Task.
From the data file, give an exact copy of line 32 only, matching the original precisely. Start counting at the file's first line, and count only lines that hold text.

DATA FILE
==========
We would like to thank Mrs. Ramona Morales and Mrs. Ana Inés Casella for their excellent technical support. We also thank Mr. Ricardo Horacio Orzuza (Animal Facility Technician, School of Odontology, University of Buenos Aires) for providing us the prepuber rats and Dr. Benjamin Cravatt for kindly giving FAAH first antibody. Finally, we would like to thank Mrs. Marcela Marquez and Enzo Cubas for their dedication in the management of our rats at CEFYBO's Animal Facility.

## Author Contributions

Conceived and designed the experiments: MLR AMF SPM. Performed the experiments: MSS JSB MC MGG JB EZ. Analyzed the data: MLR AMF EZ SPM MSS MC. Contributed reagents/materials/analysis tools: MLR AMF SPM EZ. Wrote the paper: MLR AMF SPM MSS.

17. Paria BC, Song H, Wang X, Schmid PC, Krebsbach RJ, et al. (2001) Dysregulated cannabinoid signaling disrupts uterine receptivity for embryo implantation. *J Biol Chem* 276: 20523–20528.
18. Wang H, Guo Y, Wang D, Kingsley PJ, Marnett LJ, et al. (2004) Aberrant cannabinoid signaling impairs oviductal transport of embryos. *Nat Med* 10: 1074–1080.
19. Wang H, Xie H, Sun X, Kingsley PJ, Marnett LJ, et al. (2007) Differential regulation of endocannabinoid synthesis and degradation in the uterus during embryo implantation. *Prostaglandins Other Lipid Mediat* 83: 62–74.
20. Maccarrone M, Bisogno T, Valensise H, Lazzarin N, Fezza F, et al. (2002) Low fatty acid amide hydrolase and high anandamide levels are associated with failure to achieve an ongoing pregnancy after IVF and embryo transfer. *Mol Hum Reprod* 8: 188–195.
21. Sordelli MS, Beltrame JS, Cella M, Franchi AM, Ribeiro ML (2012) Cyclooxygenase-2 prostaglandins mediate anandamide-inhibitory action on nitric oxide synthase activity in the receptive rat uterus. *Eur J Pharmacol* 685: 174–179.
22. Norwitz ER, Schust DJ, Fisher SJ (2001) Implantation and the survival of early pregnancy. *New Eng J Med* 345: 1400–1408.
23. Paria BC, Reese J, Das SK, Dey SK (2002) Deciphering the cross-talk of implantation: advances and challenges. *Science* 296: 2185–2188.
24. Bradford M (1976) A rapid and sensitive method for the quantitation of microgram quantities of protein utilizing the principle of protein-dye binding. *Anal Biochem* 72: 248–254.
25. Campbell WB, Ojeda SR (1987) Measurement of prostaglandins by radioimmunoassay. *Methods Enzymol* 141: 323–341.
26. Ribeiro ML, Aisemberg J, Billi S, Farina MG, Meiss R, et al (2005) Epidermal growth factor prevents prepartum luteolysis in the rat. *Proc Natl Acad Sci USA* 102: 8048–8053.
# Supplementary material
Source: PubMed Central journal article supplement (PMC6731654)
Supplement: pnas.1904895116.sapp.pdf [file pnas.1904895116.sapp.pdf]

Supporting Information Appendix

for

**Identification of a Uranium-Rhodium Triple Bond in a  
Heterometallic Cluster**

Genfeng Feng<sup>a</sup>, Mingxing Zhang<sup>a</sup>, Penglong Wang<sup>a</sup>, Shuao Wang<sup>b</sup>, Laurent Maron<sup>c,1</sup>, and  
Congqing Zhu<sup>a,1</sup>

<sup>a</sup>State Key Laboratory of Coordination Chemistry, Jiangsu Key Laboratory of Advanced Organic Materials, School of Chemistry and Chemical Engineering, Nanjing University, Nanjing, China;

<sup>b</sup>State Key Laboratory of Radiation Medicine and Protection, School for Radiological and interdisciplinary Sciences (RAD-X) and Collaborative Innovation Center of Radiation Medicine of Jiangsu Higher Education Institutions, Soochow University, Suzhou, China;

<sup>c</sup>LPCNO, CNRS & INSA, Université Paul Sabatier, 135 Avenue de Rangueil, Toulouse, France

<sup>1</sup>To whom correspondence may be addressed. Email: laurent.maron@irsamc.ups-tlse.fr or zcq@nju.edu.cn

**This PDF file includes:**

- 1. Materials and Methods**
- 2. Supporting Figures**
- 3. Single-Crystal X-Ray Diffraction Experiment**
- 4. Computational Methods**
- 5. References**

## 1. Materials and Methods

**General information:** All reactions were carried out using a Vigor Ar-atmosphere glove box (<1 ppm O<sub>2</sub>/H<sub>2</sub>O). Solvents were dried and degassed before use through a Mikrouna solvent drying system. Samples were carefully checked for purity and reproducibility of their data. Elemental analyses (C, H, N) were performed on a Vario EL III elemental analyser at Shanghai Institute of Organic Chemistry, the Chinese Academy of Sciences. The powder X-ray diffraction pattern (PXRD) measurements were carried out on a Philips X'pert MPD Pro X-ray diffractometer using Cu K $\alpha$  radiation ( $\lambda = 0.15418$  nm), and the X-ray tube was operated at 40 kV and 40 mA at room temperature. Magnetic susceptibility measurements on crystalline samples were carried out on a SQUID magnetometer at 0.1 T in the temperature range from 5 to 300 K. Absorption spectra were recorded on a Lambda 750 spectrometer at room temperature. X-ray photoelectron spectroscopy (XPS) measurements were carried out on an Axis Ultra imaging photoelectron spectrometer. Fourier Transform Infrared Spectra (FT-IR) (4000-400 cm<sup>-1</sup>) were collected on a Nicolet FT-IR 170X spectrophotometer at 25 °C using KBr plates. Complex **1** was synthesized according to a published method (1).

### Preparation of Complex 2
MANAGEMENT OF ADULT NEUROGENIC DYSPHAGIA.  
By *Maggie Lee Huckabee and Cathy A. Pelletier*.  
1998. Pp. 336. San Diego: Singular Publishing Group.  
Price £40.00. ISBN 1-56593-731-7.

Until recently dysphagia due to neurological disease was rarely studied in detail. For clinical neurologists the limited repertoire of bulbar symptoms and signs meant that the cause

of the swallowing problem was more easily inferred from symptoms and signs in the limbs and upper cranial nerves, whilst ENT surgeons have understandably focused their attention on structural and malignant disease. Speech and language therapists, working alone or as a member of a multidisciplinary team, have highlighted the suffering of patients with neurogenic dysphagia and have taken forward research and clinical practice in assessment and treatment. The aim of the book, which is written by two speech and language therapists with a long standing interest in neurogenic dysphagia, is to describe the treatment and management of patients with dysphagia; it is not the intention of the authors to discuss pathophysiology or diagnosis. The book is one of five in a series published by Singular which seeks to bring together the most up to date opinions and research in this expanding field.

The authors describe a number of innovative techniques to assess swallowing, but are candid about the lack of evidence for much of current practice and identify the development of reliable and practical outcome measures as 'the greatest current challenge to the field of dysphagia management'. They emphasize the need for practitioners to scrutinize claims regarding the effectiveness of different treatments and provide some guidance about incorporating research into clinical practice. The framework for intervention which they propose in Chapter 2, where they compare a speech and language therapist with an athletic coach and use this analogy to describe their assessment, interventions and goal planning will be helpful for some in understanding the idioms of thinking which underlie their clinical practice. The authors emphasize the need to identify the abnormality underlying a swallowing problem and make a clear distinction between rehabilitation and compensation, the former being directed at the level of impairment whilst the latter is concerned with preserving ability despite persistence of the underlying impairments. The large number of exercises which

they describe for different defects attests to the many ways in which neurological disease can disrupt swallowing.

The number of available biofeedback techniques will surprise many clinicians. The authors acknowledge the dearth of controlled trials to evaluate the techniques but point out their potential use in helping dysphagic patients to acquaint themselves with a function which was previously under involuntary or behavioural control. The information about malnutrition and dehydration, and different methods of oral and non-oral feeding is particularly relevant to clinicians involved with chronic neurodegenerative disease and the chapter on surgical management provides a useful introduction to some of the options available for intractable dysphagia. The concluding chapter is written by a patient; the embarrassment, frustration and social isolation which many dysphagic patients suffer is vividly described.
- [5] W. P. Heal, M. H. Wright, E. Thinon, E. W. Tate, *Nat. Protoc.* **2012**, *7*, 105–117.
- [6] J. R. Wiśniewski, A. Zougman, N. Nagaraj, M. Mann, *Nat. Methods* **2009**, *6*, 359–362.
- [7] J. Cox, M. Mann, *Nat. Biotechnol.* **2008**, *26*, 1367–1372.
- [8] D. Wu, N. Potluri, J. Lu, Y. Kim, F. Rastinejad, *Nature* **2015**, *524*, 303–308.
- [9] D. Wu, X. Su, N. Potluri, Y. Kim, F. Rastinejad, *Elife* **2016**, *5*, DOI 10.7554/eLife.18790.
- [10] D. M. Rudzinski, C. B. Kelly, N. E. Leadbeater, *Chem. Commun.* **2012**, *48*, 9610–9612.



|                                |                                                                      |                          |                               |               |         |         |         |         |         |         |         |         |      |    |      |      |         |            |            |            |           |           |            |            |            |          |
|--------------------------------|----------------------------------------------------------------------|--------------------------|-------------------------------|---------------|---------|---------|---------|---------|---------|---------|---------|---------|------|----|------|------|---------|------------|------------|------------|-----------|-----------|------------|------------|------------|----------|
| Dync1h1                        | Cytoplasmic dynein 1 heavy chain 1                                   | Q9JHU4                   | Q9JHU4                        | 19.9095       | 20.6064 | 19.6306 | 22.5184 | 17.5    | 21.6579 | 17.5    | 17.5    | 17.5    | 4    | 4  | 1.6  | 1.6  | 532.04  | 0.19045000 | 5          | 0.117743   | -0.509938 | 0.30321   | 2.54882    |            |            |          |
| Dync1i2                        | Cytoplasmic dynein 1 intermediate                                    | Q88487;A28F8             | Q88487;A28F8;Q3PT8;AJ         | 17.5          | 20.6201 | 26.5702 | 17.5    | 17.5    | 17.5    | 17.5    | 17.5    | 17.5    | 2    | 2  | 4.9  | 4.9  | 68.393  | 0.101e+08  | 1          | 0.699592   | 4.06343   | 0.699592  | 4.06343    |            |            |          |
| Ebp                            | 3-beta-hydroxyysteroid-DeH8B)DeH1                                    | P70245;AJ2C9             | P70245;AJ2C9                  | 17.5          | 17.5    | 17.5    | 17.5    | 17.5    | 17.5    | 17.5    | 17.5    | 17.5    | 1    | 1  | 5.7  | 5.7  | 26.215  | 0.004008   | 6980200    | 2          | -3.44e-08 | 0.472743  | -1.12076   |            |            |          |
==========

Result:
- 5. References**